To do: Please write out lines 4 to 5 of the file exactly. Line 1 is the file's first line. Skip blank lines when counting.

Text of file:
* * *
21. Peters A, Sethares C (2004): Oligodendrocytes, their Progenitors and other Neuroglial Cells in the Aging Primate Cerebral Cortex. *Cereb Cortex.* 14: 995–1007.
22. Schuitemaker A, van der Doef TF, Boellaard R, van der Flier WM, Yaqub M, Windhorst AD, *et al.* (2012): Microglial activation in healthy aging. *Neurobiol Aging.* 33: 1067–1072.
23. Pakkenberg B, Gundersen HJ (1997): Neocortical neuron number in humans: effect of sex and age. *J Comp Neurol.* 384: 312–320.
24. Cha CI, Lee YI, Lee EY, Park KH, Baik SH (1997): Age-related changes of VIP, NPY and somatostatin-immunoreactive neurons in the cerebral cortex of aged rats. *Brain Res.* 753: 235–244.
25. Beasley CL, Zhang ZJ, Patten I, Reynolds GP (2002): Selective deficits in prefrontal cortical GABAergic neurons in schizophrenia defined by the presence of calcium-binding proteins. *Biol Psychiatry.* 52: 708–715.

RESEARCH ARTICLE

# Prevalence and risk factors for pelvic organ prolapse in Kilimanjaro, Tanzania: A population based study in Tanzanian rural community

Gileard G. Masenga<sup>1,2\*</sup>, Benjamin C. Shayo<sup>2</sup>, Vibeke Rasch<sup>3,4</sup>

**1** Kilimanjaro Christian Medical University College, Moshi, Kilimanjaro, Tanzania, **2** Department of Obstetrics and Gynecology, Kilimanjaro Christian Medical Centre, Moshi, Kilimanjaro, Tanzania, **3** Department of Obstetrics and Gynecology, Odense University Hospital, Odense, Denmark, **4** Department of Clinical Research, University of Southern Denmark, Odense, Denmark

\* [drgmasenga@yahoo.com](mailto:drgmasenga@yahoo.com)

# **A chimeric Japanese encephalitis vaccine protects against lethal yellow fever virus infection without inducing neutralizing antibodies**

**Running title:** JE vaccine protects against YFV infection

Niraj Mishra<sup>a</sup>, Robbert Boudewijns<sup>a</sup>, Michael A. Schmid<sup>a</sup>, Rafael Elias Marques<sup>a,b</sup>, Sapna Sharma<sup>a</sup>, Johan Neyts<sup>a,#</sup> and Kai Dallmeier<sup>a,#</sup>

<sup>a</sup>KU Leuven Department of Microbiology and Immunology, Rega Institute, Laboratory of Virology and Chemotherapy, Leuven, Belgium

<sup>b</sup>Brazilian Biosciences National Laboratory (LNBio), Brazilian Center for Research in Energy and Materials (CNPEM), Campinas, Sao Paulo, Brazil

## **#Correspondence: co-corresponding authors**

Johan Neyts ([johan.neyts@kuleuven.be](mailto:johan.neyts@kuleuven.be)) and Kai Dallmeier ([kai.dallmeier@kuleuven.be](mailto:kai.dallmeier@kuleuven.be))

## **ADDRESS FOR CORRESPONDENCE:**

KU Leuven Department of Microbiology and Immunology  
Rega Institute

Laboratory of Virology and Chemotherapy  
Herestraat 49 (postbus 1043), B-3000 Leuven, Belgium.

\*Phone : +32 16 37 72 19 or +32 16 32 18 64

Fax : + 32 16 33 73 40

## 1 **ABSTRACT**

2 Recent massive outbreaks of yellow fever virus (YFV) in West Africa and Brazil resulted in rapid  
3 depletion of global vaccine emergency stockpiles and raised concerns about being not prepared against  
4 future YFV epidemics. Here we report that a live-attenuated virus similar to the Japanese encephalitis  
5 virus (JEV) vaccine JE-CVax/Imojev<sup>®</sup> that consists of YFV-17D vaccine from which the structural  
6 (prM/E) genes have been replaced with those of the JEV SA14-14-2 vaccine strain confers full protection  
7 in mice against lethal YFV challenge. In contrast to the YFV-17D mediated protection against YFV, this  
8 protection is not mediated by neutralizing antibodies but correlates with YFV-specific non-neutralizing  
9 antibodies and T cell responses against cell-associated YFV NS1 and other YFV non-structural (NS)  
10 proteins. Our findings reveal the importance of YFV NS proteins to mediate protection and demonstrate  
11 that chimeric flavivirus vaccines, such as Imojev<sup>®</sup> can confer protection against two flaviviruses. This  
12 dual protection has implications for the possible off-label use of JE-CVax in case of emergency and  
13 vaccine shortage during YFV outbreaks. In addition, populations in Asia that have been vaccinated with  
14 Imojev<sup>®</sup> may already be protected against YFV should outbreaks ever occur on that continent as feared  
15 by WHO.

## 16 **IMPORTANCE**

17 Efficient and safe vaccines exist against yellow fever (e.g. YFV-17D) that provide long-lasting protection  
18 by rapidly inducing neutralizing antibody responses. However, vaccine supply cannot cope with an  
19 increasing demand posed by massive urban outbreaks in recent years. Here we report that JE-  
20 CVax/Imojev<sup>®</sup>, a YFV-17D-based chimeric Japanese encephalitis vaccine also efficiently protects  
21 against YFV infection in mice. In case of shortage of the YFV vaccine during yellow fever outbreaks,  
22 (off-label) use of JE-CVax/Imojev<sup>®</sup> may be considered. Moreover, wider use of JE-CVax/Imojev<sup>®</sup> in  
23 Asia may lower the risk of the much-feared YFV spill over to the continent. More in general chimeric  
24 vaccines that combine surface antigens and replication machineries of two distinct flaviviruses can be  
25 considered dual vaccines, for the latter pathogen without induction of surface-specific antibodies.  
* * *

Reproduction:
24. Cha CI, Lee YI, Lee EY, Park KH, Baik SH (1997): Age-related changes of VIP, NPY and somatostatin-immunoreactive neurons in the cerebral cortex of aged rats. *Brain Res.* 753: 235–244.
25. Beasley CL, Zhang ZJ, Patten I, Reynolds GP (2002): Selective deficits in prefrontal cortical GABAergic neurons in schizophrenia defined by the presence of calcium-binding proteins. *Biol Psychiatry.* 52: 708–715.